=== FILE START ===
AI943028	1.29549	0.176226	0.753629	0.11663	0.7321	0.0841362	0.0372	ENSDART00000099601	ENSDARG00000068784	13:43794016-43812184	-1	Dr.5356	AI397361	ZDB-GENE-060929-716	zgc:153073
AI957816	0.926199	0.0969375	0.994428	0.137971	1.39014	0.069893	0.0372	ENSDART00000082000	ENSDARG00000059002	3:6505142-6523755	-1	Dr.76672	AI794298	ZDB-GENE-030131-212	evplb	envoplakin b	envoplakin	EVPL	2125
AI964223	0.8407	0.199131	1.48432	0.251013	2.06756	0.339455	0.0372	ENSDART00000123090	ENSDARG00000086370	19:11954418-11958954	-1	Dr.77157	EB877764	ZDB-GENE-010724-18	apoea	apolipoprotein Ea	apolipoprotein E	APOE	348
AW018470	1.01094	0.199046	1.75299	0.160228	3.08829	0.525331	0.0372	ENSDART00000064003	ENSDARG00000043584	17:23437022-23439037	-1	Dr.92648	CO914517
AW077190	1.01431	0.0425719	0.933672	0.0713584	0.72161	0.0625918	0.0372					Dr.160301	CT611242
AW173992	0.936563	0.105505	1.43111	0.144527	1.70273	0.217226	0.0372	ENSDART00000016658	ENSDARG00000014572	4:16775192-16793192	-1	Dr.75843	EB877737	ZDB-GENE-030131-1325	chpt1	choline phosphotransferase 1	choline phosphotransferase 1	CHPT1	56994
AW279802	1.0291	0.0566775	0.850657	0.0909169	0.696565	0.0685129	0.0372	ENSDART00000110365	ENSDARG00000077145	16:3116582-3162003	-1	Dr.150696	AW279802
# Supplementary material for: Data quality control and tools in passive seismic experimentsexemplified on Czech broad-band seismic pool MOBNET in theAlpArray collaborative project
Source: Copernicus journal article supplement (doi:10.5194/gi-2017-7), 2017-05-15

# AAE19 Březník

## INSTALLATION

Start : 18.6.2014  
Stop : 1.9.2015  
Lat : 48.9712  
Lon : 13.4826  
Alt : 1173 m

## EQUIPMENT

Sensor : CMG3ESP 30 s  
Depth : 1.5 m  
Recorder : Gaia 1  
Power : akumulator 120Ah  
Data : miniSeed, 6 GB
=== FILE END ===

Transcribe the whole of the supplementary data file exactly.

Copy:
AI943028	1.29549	0.176226	0.753629	0.11663	0.7321	0.0841362	0.0372	ENSDART00000099601	ENSDARG00000068784	13:43794016-43812184	-1	Dr.5356	AI397361	ZDB-GENE-060929-716	zgc:153073
AI957816	0.926199	0.0969375	0.994428	0.137971	1.39014	0.069893	0.0372	ENSDART00000082000	ENSDARG00000059002	3:6505142-6523755	-1	Dr.76672	AI794298	ZDB-GENE-030131-212	evplb	envoplakin b	envoplakin	EVPL	2125
AI964223	0.8407	0.199131	1.48432	0.251013	2.06756	0.339455	0.0372	ENSDART00000123090	ENSDARG00000086370	19:11954418-11958954	-1	Dr.77157	EB877764	ZDB-GENE-010724-18	apoea	apolipoprotein Ea	apolipoprotein E	APOE	348
AW018470	1.01094	0.199046	1.75299	0.160228	3.08829	0.525331	0.0372	ENSDART00000064003	ENSDARG00000043584	17:23437022-23439037	-1	Dr.92648	CO914517
AW077190	1.01431	0.0425719	0.933672	0.0713584	0.72161	0.0625918	0.0372					Dr.160301	CT611242
AW173992	0.936563	0.105505	1.43111	0.144527	1.70273	0.217226	0.0372	ENSDART00000016658	ENSDARG00000014572	4:16775192-16793192	-1	Dr.75843	EB877737	ZDB-GENE-030131-1325	chpt1	choline phosphotransferase 1	choline phosphotransferase 1	CHPT1	56994
AW279802	1.0291	0.0566775	0.850657	0.0909169	0.696565	0.0685129	0.0372	ENSDART00000110365	ENSDARG00000077145	16:3116582-3162003	-1	Dr.150696	AW279802
# Supplementary material for: Data quality control and tools in passive seismic experimentsexemplified on Czech broad-band seismic pool MOBNET in theAlpArray collaborative project
Source: Copernicus journal article supplement (doi:10.5194/gi-2017-7), 2017-05-15

# AAE19 Březník

## INSTALLATION

Start : 18.6.2014  
Stop : 1.9.2015  
Lat : 48.9712  
Lon : 13.4826  
Alt : 1173 m

## EQUIPMENT

Sensor : CMG3ESP 30 s  
Depth : 1.5 m  
Recorder : Gaia 1  
Power : akumulator 120Ah  
Data : miniSeed, 6 GB